Bioprinting — The Next Big Thing in Organ Transplants
Published on 29 Sep, 2016
Made-to-order organs could be just round the corner.
Organ transplantation is one of medical science’s most complex fields.
Besides issues with compatibility, viability, and the narrow window of opportunity to work with, a general paucity of available organs is a huge problem for the healthcare industry. At least 22 patients die every day simply because they’re waiting for an organ transplant.
Recognizing the gravity of the problem, several researchers are looking at recent developments in 3D Printing technologies as a revolutionary solution to the age-old issue. There’s growing interest in new methods to produce complete functional living organs using 3D printing — colloquially referred to as Bioprinting.
What is Bioprinting?
Bioprinting is a 3D printing process to create natural human tissue and organs through layered deposition of cells, forming a mesh-like tissue structure.
Bioprinting organs involves using Bioink — a liquid suspension of living cells, nutrients, and other growth factors — loaded into cartridges (just like in a desktop printer) that feeds into specialized 3D printers. It can be used to “print” a desired shape (sometimes with the help of scaffold) that mimics native tissue in terms of structural organization functionality at the cellular level.
Developments in Bioprinting
The first patent in the field of bioprinting was filed in the United States in 2003 by Dr. Thomas Boland at Clemson University, and granted in 2006. Research in this space has come a long way since then.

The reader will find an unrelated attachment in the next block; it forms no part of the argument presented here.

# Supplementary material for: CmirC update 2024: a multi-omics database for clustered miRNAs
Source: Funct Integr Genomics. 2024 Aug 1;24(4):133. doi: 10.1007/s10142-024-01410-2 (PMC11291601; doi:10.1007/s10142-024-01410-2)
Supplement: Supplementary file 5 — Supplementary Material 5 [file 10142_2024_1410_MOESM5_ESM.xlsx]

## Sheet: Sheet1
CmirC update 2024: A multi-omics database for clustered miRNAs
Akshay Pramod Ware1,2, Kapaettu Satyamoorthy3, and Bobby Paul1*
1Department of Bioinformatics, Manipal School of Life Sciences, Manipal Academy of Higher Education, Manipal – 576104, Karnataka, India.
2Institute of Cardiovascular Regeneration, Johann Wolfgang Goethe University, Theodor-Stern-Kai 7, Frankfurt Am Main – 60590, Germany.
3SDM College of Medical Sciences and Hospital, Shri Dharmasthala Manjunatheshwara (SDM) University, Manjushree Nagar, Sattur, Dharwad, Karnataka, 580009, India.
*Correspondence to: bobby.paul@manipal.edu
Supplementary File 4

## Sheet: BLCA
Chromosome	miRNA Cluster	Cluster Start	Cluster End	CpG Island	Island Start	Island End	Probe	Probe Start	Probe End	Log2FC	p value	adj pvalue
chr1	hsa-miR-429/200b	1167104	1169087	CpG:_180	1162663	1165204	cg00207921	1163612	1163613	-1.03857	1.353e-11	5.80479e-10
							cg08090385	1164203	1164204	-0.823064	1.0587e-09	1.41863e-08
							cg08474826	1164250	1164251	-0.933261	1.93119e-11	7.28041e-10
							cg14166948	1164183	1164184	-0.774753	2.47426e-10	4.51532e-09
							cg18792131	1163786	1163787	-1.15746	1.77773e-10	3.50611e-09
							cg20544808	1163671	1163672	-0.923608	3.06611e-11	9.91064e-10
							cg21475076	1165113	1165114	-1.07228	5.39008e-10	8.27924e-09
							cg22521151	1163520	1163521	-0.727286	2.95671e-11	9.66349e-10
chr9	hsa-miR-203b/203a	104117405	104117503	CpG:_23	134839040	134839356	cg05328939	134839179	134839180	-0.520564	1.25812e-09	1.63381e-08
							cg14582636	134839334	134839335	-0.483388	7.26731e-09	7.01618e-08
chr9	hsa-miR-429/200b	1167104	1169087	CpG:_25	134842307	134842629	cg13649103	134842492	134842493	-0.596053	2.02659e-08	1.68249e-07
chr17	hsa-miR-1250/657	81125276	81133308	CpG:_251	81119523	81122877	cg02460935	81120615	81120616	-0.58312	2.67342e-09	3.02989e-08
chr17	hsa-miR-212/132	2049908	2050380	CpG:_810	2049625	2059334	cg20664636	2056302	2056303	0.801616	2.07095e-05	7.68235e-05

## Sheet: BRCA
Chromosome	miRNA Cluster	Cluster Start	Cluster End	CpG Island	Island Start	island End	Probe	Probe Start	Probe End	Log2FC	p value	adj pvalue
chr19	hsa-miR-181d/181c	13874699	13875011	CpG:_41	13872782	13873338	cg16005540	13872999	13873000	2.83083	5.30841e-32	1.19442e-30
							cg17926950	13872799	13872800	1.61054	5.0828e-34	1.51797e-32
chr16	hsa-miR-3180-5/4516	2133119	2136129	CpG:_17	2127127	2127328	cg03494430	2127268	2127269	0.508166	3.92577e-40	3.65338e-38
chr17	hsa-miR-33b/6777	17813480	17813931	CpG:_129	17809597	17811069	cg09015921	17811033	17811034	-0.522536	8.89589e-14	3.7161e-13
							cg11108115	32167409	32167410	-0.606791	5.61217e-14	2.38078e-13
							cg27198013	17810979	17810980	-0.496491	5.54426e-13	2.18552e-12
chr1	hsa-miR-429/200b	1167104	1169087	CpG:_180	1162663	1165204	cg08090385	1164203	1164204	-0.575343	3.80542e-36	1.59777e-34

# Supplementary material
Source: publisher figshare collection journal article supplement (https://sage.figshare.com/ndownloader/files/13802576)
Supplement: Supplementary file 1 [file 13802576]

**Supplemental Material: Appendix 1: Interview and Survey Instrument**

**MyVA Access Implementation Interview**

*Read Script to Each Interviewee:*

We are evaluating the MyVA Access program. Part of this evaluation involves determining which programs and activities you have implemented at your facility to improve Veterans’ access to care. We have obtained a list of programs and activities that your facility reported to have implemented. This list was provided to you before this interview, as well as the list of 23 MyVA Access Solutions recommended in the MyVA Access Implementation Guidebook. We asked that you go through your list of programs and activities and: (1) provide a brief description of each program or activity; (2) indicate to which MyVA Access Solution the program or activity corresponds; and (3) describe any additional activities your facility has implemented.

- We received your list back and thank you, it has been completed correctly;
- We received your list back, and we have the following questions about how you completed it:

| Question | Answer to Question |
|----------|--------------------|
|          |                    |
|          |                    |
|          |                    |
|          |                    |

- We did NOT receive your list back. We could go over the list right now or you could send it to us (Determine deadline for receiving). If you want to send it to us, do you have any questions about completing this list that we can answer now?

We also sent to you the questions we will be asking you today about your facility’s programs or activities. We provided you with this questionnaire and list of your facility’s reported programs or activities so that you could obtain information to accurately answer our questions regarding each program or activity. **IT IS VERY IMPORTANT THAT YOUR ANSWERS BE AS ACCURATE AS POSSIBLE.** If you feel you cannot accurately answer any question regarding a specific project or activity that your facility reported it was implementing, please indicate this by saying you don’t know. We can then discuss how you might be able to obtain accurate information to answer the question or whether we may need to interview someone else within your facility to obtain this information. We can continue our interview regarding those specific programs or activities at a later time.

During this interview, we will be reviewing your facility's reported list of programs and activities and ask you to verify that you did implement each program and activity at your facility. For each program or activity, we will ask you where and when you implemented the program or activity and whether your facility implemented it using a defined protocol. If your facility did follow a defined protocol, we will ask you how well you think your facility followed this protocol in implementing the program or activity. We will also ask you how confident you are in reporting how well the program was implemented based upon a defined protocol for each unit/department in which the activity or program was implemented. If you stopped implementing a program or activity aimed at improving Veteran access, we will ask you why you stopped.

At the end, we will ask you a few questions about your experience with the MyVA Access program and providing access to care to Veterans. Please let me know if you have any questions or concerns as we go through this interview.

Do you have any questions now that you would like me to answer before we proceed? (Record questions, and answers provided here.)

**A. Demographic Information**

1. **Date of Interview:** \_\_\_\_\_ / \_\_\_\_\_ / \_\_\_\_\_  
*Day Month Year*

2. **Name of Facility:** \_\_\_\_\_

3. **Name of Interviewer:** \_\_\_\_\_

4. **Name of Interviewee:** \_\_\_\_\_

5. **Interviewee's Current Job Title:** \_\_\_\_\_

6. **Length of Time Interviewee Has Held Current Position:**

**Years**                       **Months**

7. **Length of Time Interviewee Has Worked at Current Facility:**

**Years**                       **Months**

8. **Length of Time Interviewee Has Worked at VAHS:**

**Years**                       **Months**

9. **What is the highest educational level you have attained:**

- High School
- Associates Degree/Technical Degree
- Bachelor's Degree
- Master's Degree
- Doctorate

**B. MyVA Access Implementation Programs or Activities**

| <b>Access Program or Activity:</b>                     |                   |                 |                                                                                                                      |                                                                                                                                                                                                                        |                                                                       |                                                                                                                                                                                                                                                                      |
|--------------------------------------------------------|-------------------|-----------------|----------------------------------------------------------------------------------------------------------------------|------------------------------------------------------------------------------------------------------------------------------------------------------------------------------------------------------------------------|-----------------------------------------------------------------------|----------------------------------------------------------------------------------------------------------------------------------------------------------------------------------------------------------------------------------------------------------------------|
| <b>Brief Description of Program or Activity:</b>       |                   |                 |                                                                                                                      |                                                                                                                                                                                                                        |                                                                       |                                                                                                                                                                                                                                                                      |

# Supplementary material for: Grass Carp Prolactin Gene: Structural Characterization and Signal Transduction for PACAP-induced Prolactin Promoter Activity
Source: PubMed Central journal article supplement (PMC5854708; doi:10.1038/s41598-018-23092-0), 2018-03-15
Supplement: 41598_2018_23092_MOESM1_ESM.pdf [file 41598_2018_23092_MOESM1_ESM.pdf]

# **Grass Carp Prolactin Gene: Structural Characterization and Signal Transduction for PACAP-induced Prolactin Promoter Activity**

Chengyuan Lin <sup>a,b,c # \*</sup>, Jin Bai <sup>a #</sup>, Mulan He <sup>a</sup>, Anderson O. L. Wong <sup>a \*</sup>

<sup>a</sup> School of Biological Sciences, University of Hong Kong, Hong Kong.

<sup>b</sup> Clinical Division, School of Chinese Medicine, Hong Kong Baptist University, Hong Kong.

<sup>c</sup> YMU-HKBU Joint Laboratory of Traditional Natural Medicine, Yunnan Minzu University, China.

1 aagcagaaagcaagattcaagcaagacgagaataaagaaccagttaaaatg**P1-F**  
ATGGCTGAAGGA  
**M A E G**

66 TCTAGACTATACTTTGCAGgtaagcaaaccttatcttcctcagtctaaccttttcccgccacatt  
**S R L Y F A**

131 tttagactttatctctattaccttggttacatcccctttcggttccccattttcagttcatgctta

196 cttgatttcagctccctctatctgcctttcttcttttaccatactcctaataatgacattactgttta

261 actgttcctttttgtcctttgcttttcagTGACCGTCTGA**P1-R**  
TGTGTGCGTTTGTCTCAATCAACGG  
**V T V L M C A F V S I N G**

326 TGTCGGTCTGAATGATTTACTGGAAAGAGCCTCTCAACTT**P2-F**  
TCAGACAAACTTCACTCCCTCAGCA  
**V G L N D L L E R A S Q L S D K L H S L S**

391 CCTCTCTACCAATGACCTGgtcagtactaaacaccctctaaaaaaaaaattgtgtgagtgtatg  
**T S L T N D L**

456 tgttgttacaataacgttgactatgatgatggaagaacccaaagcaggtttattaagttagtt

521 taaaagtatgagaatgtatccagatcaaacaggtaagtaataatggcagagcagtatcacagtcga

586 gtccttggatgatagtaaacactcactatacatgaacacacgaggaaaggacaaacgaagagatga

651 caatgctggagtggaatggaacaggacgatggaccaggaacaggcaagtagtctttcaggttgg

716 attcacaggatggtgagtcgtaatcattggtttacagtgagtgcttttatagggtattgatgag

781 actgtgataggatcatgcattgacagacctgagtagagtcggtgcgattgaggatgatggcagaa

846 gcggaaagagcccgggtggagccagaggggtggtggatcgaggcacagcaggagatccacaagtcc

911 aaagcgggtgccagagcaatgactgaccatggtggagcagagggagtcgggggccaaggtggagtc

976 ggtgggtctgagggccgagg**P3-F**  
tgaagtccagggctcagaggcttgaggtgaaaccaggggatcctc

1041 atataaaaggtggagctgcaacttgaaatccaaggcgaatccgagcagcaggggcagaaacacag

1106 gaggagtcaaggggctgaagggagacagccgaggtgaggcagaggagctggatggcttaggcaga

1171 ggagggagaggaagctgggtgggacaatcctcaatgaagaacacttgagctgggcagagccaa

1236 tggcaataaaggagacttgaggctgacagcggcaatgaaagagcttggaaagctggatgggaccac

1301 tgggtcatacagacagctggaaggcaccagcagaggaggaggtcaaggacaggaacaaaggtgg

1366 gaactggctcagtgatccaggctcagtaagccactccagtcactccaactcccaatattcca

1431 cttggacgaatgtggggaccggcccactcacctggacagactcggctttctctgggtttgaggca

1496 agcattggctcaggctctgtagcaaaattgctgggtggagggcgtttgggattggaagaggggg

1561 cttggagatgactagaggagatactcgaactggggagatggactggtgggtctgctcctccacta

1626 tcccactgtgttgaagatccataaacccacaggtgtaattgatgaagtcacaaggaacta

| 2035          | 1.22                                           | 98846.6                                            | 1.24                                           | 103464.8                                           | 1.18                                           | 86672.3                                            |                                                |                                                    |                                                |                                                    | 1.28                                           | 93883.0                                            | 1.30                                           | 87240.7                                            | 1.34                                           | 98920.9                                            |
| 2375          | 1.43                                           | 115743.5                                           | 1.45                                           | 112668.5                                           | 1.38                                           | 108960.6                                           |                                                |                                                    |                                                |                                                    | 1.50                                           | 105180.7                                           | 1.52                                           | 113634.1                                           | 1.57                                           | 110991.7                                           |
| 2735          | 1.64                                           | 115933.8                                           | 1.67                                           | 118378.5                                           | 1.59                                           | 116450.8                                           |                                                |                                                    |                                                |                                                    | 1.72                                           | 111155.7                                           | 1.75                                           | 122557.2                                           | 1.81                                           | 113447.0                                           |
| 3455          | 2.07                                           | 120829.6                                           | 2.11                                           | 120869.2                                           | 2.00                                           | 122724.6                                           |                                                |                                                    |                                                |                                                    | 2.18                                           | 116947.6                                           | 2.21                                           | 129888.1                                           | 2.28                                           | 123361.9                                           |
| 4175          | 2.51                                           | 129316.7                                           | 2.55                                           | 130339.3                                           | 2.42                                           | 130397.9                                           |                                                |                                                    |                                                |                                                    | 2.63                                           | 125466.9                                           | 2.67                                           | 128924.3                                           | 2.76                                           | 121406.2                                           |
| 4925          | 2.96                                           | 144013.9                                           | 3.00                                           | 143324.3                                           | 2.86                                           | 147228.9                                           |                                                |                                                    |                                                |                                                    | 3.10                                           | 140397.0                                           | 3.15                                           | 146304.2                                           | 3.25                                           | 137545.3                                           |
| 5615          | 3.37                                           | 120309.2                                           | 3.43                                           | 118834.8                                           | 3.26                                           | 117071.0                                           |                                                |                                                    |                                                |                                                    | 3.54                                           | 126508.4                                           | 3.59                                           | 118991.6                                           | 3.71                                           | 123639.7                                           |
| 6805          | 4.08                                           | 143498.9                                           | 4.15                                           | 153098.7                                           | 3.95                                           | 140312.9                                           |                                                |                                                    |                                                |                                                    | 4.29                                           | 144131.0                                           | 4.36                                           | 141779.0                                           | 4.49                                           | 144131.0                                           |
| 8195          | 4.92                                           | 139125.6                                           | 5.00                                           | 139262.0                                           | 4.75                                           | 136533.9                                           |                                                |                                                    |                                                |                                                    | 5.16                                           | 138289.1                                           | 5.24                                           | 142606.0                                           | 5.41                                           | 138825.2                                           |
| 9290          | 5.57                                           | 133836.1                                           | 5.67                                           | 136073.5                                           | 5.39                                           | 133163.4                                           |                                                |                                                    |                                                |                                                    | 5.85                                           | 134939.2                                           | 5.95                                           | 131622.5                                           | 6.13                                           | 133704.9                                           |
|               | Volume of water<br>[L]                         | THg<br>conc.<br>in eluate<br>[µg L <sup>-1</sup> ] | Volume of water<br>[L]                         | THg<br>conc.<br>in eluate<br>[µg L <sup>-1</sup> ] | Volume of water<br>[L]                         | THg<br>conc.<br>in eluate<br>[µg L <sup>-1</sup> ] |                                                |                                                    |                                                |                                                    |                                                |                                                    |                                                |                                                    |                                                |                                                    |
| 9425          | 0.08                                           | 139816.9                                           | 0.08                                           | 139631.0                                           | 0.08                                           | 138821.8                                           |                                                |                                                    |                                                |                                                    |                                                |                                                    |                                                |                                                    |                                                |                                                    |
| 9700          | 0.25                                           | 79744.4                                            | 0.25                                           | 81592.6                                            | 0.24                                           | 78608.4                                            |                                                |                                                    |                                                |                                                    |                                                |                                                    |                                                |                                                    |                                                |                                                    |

While quite a few universities across the globe are working on Bioink, Swedish-based Biotech Company Cellink has the first-mover advantage. It was among the first bioprinting companies paving the way, commercializing Bioink in the field of 3D printing of human organs as well as the replacement of worn-out tissue.
While initial forays into this space were successful in developing solution-specific Bioinks, the challenge lay in creating a versatile Bioink, something that can be used interchangeably to create different kinds of tissue.
A research team led by Dr. Adam Perriman from the School of Cellular and Molecular Medicine University of Bristol hopes to solve that problem. They’ve recently developed a 3D bioprinting method using stem cell Bioink, which could allow be used to print diverse types of living tissue, everything from simple skin cells to complex tissues for surgical implants.
This could be a game-changer in the development of assistive bioscaffold technology (used to shore up freshly printed organs while they’re curing) as well as assist in the immediate restoration of damaged substrates.
Thin layers of 3D printed cartilage could also revolutionize the way we handle implants. Cartilage — which comprises of just one type of cell lines and no blood vessels — could be layered onto medical implants before they’re inserted, resulting in its easy integration into bone or soft tissue.
Bioprinting has the potential to revolutionize tissue engineering.
In its simplest forms, it’s already showing promise in areas such as skin grafting and tissue replacement. As the technology and techniques evolve, it’ll allow medical technicians to recreate large organs with complex functionality that are tailored to a specific patient’s needs. Customized Bioink prepared using materials analogous to the patient’s characteristics, perhaps even derived from the patient’s own genetic profile, could reduce chances of their immune systems rejecting the transplanted tissue as well.
While it’s still a relatively new technology that’s still working out its kinks, there’s no denying it’s a viable solution to the ever-growing organ transplant waiting list.